I didn't notice any aliasing. There's an interesting effect with a chain link fence, but it's source material, not transfer-related. There are no visible MPEG artefacts (well, a miniscule amount of shimmer on a few backgrounds, perhaps). Film artefacts are a different matter. There are numerous tiny film artefacts, with the most noticeable being a black spot at 84:28, an orange fleck at 102:33 (might be an optical effect), and a hair at 46:16. Disappointing in so recent a film. On the R1, the hair shows up at 48:11, the black spot shows up at 87:42, and the orange one at 106:49 (differences due to the 4% speed-up of film on PAL DVD). Looks very much as if the two transfers have something in common, probably a hi-def transfer. It's a shame they didn't take a little more care in doing that transfer - there's no excuse for these film artefacts on a film made last year.

    Subtitles are provided in several languages, but I only watched those in English. In addition to the subtitles (in seven languages) provided for the main soundtrack we also get subtitles for the commentary in English, Spanish, and French - this is an increasing trend, and one I really like. The subtitles are clear, easy to read, and generally accurate (the usual abbreviation happens occasionally); they are well-timed, matching the dialogue perfectly. A few times they subtitle what is meant, rather than what is said - the best example comes more than once when someone says "Hulla hulla" to get a group's attention - this is subtitled as "Hold on, hold on", for which I am grateful - I did not know what they meant.

    The disc is single-sided and RSDL formatted. The layer change is at 46:16, and it's invisible on some players and barely noticeable on others. It's placed at a scene change, on a static image - nice work.

    On one of my DVD players, a Sony 336, there was some glitching at 89:41, and again at 89:53, 89:58, 90:03. I think this was due to some scratches on the review disc, but I have no way to check this until the disc is released. Interestingly, my new Pioneer 733 did not trip up at any of these points. Looks like the technology is getting more tolerant of disc defects.

Video Ratings Summary
Sharpness
Shadow Detail
Colour
Grain/Pixelization
Film-To-Video Artefacts
Film Artefacts
Overall

Audio

    There are four soundtracks - the main soundtrack in English, French, and Spanish, all Dolby Digital 5.1, and the commentary in English Dolby Digital 2.0, surround encoded. I listened to both the English soundtracks.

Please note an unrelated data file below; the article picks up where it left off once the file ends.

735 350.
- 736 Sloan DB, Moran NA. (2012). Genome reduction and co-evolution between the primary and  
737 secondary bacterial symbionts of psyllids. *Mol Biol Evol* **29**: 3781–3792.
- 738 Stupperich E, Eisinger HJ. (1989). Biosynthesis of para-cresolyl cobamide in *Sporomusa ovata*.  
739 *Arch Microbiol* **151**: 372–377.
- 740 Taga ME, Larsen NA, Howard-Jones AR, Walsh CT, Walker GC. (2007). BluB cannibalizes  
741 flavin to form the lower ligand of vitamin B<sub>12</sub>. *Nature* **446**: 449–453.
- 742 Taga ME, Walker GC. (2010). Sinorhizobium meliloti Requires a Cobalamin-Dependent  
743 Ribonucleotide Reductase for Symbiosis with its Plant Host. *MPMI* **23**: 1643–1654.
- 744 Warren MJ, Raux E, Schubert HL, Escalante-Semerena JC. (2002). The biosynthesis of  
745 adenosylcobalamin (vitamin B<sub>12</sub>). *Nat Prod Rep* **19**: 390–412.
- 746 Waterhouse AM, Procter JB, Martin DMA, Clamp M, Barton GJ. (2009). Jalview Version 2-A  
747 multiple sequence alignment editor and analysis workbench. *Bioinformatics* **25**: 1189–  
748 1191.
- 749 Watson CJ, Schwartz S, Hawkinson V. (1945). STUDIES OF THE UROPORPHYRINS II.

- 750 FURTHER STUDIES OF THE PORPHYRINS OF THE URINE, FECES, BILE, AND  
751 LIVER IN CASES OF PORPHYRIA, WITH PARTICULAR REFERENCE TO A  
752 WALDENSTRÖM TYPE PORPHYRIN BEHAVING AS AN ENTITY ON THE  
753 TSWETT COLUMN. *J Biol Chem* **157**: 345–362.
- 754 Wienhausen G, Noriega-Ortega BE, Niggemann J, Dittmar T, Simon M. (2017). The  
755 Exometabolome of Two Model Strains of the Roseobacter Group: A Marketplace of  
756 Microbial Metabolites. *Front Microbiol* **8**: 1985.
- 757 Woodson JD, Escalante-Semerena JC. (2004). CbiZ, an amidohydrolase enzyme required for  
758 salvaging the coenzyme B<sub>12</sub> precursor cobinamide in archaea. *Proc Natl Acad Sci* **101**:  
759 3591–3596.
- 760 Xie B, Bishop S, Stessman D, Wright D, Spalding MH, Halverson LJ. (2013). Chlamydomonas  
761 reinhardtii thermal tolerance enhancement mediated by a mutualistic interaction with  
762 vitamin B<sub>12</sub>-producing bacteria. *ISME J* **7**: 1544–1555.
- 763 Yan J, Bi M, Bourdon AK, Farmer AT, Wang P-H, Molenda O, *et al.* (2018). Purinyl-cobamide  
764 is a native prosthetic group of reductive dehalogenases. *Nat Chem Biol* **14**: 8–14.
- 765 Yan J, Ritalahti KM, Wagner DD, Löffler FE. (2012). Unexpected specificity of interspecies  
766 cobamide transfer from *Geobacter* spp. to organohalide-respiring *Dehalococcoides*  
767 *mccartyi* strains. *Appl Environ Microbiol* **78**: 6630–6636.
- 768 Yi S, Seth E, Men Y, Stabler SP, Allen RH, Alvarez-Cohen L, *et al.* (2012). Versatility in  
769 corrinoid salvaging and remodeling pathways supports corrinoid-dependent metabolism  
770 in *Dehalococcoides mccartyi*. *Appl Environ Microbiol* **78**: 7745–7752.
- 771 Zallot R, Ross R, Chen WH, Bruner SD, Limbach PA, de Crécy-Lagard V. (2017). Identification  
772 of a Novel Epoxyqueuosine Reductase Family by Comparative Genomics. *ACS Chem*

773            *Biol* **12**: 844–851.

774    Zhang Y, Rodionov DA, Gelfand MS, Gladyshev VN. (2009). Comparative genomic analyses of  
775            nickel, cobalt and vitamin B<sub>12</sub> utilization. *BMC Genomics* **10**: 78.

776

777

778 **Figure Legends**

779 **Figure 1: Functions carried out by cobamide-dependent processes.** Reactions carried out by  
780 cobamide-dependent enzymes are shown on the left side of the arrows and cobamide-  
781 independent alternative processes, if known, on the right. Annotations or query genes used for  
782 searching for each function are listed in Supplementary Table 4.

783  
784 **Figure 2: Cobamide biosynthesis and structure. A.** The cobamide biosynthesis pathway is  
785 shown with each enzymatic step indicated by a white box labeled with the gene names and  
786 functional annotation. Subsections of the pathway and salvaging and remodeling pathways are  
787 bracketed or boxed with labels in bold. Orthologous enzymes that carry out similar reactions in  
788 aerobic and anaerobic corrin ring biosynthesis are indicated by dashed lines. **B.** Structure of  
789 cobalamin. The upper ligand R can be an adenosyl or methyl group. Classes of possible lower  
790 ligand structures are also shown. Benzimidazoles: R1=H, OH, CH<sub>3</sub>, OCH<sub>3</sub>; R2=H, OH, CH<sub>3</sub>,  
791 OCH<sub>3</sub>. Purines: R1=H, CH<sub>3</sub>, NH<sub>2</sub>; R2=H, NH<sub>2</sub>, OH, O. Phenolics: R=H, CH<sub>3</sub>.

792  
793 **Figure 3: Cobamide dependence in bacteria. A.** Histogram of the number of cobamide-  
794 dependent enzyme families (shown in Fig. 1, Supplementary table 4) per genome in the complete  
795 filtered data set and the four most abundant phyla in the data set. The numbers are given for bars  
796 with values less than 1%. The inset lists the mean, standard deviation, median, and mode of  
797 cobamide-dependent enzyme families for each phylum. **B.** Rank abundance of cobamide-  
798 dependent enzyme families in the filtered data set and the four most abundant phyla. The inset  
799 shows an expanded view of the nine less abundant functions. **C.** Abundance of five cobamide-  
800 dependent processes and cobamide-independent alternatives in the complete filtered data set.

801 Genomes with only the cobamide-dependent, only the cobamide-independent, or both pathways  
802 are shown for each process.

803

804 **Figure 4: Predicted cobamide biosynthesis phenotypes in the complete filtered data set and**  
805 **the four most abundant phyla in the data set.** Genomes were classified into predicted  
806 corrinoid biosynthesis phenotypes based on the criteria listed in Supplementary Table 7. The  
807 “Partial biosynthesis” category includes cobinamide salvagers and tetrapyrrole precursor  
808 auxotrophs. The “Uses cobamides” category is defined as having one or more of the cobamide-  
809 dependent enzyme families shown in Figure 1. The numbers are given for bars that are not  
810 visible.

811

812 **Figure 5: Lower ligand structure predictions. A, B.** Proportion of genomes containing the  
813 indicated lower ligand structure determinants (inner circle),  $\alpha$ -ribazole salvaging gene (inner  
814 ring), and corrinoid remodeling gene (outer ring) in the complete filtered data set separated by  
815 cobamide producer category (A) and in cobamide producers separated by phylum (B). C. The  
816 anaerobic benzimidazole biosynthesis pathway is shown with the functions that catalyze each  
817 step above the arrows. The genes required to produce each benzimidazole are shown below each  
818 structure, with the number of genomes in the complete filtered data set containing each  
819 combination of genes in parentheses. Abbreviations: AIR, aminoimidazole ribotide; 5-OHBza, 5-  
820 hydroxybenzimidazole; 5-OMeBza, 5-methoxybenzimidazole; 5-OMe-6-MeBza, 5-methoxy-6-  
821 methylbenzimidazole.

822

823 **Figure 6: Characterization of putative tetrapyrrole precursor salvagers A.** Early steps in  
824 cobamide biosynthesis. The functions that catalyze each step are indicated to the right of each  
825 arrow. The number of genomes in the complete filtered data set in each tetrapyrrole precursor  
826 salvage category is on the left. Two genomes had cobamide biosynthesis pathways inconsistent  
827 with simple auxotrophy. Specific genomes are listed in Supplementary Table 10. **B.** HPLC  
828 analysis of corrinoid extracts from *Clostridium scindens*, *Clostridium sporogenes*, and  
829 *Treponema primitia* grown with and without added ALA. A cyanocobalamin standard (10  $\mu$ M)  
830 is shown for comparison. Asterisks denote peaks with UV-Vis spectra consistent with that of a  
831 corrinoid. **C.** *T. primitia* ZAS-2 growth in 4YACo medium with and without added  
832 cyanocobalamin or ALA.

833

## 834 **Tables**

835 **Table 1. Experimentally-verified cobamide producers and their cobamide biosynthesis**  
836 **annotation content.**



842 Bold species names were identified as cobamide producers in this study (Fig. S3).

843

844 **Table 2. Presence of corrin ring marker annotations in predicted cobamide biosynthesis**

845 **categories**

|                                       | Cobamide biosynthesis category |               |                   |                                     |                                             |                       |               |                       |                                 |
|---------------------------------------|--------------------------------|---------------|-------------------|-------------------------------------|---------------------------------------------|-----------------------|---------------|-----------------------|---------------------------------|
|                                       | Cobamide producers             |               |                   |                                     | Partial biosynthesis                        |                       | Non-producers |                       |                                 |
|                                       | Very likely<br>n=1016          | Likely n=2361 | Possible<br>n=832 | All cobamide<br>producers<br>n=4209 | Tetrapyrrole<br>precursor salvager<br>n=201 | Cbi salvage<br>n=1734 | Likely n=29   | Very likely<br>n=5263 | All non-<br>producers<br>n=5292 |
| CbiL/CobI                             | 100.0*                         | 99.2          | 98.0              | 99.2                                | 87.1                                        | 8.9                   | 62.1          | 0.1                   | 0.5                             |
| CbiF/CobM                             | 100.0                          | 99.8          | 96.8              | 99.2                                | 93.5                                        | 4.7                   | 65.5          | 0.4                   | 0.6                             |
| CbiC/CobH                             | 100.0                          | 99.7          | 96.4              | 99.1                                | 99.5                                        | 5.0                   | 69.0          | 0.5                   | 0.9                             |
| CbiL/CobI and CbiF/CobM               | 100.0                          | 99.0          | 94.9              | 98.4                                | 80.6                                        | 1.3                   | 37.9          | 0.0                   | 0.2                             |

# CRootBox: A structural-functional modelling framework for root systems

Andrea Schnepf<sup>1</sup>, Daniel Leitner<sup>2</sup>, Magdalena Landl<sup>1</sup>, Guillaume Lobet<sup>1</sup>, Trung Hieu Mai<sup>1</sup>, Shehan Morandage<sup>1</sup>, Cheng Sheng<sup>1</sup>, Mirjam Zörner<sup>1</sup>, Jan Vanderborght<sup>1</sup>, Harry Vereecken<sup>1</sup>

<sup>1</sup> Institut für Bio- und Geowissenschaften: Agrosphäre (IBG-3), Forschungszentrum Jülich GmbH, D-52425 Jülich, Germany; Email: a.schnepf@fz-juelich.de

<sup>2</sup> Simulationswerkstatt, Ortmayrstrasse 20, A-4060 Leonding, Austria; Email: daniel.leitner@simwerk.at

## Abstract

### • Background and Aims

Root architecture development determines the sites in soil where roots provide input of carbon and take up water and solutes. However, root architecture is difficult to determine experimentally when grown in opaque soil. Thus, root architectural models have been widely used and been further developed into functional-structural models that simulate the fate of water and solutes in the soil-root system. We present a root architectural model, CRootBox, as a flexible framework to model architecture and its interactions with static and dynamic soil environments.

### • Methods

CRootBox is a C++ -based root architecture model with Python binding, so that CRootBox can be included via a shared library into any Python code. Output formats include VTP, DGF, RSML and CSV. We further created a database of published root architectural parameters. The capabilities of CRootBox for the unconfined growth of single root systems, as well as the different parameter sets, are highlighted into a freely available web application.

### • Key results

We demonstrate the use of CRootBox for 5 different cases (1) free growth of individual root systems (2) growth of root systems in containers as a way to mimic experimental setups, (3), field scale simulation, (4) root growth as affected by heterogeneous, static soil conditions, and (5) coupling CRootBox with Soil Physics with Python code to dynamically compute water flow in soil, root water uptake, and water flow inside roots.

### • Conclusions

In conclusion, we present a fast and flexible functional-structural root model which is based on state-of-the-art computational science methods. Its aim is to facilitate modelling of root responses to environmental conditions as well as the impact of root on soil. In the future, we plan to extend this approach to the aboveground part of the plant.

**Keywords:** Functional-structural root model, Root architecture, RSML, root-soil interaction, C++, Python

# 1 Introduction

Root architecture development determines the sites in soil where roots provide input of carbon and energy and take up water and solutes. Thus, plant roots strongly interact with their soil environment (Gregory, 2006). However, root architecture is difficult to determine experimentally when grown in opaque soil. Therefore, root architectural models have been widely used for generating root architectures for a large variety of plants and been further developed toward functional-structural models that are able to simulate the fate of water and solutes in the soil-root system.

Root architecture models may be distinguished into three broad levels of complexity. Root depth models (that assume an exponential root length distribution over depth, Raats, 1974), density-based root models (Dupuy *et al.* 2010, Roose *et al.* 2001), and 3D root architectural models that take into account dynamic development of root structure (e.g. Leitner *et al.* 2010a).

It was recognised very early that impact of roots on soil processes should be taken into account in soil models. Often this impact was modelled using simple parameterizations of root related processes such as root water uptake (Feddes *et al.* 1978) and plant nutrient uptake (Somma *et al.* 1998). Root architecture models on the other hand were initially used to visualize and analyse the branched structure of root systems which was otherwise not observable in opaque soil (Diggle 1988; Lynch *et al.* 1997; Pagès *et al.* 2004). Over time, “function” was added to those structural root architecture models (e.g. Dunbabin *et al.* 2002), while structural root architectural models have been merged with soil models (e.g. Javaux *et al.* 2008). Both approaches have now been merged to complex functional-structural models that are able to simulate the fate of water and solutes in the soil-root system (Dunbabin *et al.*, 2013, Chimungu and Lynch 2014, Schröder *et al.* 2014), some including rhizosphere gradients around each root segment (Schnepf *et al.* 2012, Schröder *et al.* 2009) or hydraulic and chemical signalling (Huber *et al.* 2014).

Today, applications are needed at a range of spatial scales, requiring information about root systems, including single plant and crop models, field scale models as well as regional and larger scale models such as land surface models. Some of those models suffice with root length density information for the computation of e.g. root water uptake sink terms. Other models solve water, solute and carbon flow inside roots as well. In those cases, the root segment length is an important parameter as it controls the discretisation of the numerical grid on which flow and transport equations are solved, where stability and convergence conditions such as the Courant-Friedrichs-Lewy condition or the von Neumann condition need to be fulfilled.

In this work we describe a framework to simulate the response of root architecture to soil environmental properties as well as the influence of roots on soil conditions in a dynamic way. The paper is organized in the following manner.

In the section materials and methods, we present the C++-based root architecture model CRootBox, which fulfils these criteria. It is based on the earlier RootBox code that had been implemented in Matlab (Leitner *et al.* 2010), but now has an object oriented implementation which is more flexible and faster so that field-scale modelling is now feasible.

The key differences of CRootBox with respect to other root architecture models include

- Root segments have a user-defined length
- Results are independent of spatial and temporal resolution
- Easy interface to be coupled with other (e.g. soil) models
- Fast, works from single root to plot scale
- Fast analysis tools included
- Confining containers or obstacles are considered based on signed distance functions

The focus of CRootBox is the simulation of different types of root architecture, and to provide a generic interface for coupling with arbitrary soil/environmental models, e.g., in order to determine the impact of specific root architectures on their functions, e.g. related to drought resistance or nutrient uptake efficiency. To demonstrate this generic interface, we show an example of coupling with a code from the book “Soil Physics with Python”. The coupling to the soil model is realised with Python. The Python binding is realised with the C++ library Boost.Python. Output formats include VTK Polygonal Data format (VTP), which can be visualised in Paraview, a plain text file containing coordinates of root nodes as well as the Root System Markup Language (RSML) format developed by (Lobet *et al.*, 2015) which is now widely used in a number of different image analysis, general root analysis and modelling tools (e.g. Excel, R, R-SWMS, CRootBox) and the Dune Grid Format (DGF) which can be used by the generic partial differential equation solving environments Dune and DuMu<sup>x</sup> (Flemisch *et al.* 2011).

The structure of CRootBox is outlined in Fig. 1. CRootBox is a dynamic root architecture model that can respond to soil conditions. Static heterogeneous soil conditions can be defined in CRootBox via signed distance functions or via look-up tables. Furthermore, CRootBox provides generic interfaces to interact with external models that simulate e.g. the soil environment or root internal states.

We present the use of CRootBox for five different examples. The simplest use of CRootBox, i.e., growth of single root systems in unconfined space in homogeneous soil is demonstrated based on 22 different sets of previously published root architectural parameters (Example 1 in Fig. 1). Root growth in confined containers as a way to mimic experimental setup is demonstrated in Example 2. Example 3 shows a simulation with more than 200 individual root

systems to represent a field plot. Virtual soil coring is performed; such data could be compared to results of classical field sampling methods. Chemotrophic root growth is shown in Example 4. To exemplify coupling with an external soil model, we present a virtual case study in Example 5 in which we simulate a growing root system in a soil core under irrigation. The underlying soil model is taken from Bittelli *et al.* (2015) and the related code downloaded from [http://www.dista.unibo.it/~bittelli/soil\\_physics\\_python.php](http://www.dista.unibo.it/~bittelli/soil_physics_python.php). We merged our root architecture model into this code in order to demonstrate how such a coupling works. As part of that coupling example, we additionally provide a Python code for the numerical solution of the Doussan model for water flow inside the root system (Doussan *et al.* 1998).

Dialogue is easy to understand, even with the extensive use of colloquial terms, and the music in the club. Audio sync is spot on.

    The score is credited to Mark Isham, but there are a lot of songs by a wide variety of artists, and even a classical piece. The background music is nicely worked into the movie, but it is the songs that really have impact. Hope you enjoy hip hop, or at least have an open mind...

    The soundtrack is not a directional tour de force, but the surrounds do provide environment sound, and carry the music. The subwoofer supports the music, but it is not heavily called upon.

Audio Ratings Summary
Dialogue
Audio Sync
Clicks/Pops/Dropouts
Surround Channel Use
Subwoofer
Overall

Extras

Menu

    The main menu is animated, with music. If you leave it running, the movie begins. The menus are clear and simple - I like that.

Deleted Scenes

    These are provided without any commentary. Generally, they were cut to shorten the movie (apparently the first cut came in at well over 3 hours), but they are interesting to see - they provide more background to the story.

Featurette - Making of Save The Last Dance (19:36)

    Interesting background to the making of this movie. It contains some of the usual mutual admiration, but there's still a lot of information in here. Recommended..

Cast and Crew Interviews (12:33)

    This is actually titled Save the Last Dance Retrospective - it is more of the same as the Making Of. You may have heard of the "half hour rule", which holds that anything under half an hour counts as "promotion of the movie", and the actors need not be paid for it; anything over half an hour must be paid for separately. There's some overlap between this piece and the Making Of, but not a whole lot.. 

Crazy Music Video (3:56)

    This is a music video. I'm not generally a fan of music videos, but this one is interesting - it is like a short piece speculating on one of the central events in the movie. It involves Julia Stiles and Sean Patrick Thomas. The performers are K-Ci and Jo Jo.

Theatrical Trailer (2:19)

Feature Commentary - Thomas Carter (director)

    This is interesting stuff - I commend it to you. It is subtitled in English, Spanish, and French - the subtitling is a very cool feature that is not on the R1 disc.

R4 vs R1

NOTE: To view non-R4 releases, your equipment needs to be multi-zone compatible and usually also NTSC compatible.

    These two discs are quite similar, down to having near-identical menus. The R1 has a single Setup menu, while the R4 splits this into Audio and Subtitles, because it offers more choices of languages.

    The Region 4 disc is missing:

    The Region 1 disc is missing:

    The transfers seem to have been drawn from a common source, so there's little to pick between them - this is one time when the inherent advantage in resolution of the PAL system can be seen. Moreover, the R4 has subtitles for the commentary, which I regard as a serious advantage. Leads me to recommend the R4 disc.

Summary

    Save The Last Dance is an involving movie, with good dancing, presently superbly on DVD.

    The video quality is very good, even with some small film artefacts.

    The audio quality is excellent.

    The extras are very good.

Ratings (out of 5)

Video
Audio
Extras
Plot
Overall

© Tony Rogers (bio-degrading: making a fool of oneself in a bio...)
Sunday, February 24, 2002
Review Equipment
DVDPioneer DV-S733A, using Component output
DisplaySony VPH-G70 CRT Projector, QuadScan Elite scaler (Tripler), ScreenTechnics 110. Calibrated with Video Essentials. This display device is 16x9 capable.
Audio DecoderBuilt in to amplifier/receiver. Calibrated with Video Essentials.
AmplificationDenon AVC-A1SE
SpeakersFront Left, Centre, Right: Krix Euphonix; Rears: Krix KDX-M; Subwoofer: Krix Seismix 5